Activists protested against Pegasus nightclub and its gay Republican owner during San Antonio Pride. (Photo courtesy Jennifer Falcon)

What the employees of Pegasus Nightclub can teach us about power

If there is one thing we are seeing more of — besides hate and racism — under the Trump regime, it’s the call for boycotts of companies and people that support him and his ideology: The NFL. Chick-fil-A. Equinox.

But those companies may play only small, insignificant roles in our lives. How does the dynamic change when the boycott being called for lands close to home?

When it is, in fact, our home?

Such is the case for the San Antonio gay bar Pegasus.

When word got out that Mauro E. Garza, a gay Latino man who is owner of the Pegasus, was running for Congress as a Republican, a San Antonio activist group activist group called Protest the Peg launched a call for a boycott. On Aug. 11, the group shared a press release via Twitter and a bulk email sent to more 40 LGBTQ media and freelance writers, calling for a nationwide boycott of the bar “in an effort to defund [Garza’s] contributions to LGBTQIA+ politicians/platforms.” The press release specifically called out Miss Gay USofA and RuPaul’s Drag Race alum Kennedy Davenport for performing at the San Antonio nightclub.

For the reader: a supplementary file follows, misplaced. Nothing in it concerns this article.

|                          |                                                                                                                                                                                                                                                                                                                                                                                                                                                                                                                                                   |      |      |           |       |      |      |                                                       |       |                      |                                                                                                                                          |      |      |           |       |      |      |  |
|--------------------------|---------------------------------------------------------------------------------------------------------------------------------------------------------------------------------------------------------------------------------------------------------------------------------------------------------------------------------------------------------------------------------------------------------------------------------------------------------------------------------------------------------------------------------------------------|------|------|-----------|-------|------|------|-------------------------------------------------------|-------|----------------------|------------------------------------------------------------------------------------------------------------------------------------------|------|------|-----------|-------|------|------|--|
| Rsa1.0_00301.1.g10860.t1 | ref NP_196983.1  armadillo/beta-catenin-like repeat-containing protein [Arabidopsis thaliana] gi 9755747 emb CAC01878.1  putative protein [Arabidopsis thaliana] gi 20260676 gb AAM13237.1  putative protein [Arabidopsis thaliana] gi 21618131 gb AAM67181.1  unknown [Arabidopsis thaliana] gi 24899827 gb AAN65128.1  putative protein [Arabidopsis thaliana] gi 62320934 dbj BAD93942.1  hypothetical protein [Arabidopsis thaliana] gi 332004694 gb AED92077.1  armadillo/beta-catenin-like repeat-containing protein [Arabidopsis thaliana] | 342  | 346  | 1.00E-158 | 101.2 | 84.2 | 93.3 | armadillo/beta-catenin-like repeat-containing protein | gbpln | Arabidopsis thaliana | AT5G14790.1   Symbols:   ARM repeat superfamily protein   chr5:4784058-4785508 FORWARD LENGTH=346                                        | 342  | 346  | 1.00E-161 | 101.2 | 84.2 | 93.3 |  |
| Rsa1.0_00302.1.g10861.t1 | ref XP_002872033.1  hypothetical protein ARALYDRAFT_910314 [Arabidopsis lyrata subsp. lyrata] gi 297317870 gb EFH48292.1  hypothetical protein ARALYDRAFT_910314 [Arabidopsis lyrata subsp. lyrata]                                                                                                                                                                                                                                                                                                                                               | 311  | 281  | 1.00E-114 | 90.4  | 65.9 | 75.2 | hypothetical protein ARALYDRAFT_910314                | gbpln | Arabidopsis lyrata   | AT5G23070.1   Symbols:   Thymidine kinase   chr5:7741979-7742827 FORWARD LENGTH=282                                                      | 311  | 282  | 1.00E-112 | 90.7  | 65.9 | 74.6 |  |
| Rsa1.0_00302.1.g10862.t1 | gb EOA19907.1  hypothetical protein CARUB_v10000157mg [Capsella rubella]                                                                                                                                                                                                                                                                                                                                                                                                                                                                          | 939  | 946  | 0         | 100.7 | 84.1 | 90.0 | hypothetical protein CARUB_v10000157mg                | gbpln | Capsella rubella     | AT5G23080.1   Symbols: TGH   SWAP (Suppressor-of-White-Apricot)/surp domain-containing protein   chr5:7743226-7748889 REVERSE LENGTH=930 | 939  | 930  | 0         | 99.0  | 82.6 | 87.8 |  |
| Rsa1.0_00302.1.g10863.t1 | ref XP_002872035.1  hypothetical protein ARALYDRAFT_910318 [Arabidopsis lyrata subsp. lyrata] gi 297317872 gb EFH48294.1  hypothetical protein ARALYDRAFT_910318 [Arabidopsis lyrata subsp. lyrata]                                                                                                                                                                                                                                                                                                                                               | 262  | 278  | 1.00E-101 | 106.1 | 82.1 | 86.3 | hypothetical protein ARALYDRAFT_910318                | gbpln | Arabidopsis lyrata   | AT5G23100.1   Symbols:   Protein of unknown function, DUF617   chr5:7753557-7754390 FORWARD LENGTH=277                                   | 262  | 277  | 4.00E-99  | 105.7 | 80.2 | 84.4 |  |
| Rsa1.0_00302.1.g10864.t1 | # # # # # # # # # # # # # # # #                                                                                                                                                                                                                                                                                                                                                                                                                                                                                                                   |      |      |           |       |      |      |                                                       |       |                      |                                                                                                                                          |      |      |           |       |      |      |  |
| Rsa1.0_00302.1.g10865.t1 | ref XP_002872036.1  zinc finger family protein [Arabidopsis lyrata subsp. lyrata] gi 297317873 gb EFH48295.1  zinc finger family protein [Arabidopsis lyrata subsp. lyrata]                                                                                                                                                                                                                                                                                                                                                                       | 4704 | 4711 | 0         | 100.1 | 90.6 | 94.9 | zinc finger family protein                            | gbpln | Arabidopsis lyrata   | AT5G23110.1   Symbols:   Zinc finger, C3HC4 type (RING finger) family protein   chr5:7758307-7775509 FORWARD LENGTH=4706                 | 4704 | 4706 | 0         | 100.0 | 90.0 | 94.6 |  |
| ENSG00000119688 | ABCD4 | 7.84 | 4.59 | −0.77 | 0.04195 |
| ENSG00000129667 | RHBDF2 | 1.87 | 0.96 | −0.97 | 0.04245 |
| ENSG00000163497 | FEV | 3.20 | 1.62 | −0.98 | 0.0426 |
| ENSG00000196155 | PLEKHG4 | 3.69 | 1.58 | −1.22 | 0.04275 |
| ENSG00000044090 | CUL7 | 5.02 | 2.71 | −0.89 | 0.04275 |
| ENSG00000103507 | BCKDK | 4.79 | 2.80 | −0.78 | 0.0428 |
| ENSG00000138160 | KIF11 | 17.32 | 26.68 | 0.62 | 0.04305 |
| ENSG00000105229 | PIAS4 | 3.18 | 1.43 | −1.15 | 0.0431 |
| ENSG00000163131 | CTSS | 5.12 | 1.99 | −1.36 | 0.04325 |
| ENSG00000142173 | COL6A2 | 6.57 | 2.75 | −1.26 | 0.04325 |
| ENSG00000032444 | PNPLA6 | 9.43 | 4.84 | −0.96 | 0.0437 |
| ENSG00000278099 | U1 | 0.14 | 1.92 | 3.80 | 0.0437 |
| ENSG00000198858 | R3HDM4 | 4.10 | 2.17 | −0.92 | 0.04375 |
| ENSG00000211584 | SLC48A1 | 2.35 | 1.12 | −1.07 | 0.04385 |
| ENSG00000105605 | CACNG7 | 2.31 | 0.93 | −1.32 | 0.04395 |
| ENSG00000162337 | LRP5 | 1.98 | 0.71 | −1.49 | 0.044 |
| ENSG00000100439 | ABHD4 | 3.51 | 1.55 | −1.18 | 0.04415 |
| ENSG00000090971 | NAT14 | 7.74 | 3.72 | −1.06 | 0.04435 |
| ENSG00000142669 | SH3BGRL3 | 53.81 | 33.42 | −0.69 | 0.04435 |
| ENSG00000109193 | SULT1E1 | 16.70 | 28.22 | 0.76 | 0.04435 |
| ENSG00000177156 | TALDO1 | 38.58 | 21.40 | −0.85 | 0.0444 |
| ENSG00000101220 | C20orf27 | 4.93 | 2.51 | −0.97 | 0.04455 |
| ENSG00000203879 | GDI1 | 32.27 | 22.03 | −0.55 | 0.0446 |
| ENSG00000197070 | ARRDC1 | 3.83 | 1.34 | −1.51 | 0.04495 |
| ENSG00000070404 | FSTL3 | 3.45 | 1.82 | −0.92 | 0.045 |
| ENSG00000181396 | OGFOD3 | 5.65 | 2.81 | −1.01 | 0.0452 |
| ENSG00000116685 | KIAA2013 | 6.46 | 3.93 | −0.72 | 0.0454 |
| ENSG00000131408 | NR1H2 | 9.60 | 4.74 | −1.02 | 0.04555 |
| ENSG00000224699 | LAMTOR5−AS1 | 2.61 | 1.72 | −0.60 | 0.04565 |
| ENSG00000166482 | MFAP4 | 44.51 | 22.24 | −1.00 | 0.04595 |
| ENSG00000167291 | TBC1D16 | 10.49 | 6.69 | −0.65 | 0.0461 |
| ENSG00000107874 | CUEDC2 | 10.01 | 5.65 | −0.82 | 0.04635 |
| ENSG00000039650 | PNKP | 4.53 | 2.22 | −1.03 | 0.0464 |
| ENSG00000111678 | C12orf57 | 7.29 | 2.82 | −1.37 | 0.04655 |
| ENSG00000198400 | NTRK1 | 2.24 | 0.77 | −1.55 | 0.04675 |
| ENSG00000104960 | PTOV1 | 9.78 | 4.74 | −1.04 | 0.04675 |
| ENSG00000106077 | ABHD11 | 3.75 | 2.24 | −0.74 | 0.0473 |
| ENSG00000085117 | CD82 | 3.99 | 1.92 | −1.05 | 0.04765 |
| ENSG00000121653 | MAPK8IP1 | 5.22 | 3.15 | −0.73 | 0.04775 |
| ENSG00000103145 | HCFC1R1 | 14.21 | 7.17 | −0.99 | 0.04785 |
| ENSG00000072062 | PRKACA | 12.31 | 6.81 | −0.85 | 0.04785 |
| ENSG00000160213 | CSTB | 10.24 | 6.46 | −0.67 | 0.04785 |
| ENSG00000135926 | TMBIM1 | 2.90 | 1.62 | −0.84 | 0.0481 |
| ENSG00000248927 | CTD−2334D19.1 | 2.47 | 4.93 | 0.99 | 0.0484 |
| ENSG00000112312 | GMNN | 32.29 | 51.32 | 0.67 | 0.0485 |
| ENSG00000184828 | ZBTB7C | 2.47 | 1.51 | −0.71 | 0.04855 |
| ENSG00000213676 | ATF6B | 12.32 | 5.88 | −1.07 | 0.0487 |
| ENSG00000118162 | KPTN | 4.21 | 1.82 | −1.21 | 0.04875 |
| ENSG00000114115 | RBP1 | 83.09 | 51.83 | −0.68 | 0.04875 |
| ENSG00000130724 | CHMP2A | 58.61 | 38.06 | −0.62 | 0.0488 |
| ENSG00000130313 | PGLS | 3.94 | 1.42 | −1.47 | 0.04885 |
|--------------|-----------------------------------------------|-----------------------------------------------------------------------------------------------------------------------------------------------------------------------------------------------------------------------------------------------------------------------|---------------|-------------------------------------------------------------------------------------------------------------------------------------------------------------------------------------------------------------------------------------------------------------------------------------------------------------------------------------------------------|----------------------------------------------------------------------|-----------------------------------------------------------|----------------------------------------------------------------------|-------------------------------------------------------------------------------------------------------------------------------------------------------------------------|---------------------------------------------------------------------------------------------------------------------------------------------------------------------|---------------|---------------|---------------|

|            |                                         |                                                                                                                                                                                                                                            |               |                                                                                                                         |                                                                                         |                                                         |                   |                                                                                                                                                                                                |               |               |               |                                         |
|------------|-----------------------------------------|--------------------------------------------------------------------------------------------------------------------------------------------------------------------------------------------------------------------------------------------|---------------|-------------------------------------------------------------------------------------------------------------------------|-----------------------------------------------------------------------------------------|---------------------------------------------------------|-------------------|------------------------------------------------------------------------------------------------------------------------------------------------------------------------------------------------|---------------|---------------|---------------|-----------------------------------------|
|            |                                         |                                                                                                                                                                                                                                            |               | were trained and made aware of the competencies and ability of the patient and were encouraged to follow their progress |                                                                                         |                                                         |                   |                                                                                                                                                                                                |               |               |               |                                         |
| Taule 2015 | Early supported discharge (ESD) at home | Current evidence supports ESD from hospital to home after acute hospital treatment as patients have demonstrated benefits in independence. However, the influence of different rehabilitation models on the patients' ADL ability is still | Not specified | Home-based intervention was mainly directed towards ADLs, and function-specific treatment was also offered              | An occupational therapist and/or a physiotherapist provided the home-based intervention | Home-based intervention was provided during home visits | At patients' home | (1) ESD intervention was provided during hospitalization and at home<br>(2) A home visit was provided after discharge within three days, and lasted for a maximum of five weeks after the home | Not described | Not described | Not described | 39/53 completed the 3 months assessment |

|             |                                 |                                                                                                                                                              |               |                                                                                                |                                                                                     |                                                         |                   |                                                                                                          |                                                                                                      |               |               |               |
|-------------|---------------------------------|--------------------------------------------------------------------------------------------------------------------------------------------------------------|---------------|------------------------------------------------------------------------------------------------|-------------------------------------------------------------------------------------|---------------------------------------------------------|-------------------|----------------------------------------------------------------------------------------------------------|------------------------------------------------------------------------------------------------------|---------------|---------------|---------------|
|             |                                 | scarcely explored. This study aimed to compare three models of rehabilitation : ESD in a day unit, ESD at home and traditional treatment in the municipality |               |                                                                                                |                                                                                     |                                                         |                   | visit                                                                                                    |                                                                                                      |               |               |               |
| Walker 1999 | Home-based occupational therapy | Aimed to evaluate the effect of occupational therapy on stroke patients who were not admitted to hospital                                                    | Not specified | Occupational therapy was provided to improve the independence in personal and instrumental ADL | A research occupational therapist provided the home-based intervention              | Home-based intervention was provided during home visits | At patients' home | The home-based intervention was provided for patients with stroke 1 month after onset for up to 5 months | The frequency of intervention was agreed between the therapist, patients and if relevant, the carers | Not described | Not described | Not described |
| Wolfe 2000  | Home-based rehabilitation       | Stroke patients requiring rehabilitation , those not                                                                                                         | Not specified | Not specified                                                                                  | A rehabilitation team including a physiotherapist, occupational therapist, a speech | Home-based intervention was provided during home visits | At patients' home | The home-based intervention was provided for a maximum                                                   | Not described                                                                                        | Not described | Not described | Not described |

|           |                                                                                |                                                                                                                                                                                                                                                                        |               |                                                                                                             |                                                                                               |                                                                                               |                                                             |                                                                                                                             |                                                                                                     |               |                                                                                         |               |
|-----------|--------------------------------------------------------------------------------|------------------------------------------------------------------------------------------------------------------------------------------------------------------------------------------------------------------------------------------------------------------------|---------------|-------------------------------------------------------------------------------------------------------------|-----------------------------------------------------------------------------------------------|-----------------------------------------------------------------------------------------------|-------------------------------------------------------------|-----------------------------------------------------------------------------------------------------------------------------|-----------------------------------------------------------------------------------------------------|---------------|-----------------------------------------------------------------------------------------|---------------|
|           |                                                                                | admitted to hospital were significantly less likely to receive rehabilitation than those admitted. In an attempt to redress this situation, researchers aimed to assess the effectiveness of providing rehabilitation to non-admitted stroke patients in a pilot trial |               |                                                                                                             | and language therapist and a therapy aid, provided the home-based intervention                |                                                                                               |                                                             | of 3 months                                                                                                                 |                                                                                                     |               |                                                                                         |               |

Inside Pegasus nightclub (Photo via Facebook)

After reading Davenport’s Facebook updates and the stories being written about something that was happening in my own backyard, I decided to do a bit of research of my own.

Here’s what I’ve learned.

This is not the first time that Garza has run for office. In fact, the first time he dipped a toe into politics pool was in 2010 when he ran as a Democrat for justice of the peace in Bexar County’s Precinct 3. He lost by 122 votes to William Peche in the primaries. A year before that, the local chapter of HRC awarded Garza their Community Service Award after he donated more than $100,000 to local charities. (The Pegasus website still boasts charitable contributions to eight different local LGBTQ nonprofits).